A useful tip – almonds are a good choice as they really deserve their ‘supernut’ status. Walnuts have been shown in research to increase a species of bacteria in the gut called roseburia that helps protect the gut lining.
- Bananas – easily tolerated
Many fruits can make digestive issues worse due to fermentation in the intestines causing bloating and flatulence. However, bananas are one of the most tolerated fruits and may have a regulatory effect on bowel movements, so can be equally useful for constipation or diarrhea.
However, there are differences in unripe and ripe bananas.
Unripe bananas (green): These contain more micronutrients (vitamins & minerals) and comprise resistant starch which is a natural prebiotic. This is a food that feeds your beneficial bacteria and is excellent for supporting your colon health. Therefore, if you tolerate them green, go for it. However, if you notice bloating and gas, then try them ripe.
Ripe bananas (yellow): Because the starch turns to sugar as they ripen, ripe bananas digest very quickly after eating, meaning you get the benefit from the nutrients quickly and there is less time for your not-so-friendly gut bacteria to feast causing fermentation. And fermentation is what causes unpleasant symptoms such as bloating, flatulence & trapped wind. Antioxidant levels also rise with ripening which means you get the protective antioxidant effect to prevent or reduce the damage caused by oxidation of your cells by free radicals.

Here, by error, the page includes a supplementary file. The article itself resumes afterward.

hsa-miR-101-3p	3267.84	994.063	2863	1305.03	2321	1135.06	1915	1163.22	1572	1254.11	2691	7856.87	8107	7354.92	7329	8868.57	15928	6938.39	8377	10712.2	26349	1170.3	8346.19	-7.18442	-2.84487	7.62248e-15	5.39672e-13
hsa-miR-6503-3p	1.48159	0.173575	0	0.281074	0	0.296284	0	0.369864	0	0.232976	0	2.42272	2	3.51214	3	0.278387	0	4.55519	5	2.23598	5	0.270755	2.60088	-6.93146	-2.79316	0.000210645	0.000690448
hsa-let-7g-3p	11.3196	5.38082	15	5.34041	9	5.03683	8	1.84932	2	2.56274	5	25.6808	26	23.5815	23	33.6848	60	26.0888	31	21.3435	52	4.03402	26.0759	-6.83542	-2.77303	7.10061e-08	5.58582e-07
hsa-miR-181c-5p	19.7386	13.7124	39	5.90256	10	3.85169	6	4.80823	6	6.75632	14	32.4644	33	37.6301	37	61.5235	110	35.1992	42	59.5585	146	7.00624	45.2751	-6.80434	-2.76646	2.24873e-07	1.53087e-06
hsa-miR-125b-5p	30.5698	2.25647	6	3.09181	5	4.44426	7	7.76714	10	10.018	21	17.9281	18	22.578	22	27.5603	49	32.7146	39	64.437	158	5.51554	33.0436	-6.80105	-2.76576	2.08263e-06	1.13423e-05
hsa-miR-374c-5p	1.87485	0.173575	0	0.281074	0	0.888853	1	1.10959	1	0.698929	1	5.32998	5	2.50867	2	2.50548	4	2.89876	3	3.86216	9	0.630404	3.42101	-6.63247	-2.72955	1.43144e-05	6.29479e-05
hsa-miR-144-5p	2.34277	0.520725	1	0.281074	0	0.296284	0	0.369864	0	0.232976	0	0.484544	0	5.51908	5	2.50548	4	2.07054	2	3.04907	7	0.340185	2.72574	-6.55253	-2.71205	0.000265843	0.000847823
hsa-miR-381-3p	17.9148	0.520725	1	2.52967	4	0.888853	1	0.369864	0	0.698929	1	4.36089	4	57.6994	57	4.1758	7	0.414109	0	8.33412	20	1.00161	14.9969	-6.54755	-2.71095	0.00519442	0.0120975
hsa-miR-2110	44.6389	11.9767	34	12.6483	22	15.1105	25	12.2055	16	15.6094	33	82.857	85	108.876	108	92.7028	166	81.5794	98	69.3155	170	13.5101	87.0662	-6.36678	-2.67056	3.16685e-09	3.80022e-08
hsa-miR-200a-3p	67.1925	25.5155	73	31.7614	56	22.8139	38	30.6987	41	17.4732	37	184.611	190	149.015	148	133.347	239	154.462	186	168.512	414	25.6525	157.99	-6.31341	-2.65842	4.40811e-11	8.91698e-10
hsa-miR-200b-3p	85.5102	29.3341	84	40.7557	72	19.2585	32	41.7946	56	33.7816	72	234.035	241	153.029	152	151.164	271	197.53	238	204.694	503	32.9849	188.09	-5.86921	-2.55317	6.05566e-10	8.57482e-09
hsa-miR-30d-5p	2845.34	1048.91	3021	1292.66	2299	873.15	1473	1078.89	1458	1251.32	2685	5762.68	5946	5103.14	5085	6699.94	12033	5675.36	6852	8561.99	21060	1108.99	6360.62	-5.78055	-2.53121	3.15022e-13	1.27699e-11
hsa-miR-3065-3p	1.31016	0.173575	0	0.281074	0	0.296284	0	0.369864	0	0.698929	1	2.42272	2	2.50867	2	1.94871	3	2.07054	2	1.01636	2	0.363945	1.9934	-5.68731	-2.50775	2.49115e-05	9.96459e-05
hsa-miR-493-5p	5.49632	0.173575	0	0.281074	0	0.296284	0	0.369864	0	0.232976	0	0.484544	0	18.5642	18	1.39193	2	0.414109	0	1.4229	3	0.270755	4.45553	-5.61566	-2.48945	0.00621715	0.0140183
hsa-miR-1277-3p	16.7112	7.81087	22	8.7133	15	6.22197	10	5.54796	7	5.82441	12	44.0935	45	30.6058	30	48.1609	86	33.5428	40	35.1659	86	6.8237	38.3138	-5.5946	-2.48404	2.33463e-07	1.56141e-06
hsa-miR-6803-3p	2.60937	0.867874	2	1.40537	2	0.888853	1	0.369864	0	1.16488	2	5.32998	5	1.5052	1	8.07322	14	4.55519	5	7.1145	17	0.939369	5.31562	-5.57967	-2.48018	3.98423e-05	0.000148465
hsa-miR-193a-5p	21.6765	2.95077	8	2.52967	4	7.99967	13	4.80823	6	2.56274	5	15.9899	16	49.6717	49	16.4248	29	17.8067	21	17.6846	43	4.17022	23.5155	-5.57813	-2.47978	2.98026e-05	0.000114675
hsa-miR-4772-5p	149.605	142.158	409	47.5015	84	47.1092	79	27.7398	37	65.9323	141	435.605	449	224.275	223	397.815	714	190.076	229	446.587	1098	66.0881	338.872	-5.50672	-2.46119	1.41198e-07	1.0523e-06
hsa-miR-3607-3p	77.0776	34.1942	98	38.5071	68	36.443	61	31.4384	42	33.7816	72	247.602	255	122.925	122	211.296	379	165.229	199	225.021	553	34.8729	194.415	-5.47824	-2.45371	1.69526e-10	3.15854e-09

Note: Diabetics would be wise to avoid ripe bananas as they may raise insulin too quickly.
- Coconut – a versatile food
This is a wonderful alternative if you cannot tolerate or choose not to eat dairy products. One of the easiest ways to get it into your diet is coconut oil. This easily digested fat supplies energy increases your metabolism and is great for your brain. It is also anti-bacterial, anti-microbial, and anti-viral – making it an ideal food for your gut. Due to its medium-chain triglyceride fat content coconut oil is extremely stable at high heat, making it the go-to choice for healthier roasting, baking & shallow frying.
You can also consume coconut as milk, yoghurt, butter, flour, desiccated, flaked, or as fresh chunks.
A useful tip – If you fancy home fermenting, try coconut milk kefir made from kefir grains and coconut milk. This is an ideal way to get fermented foods into your diet to nurture your beneficial bacteria.
- Probiotic-rich fermented foods – bursting with good bacteria
Probiotic foods can do wonders for your gut microbiome by adding in beneficial bacteria that helps to keep your microbial balance in good shape.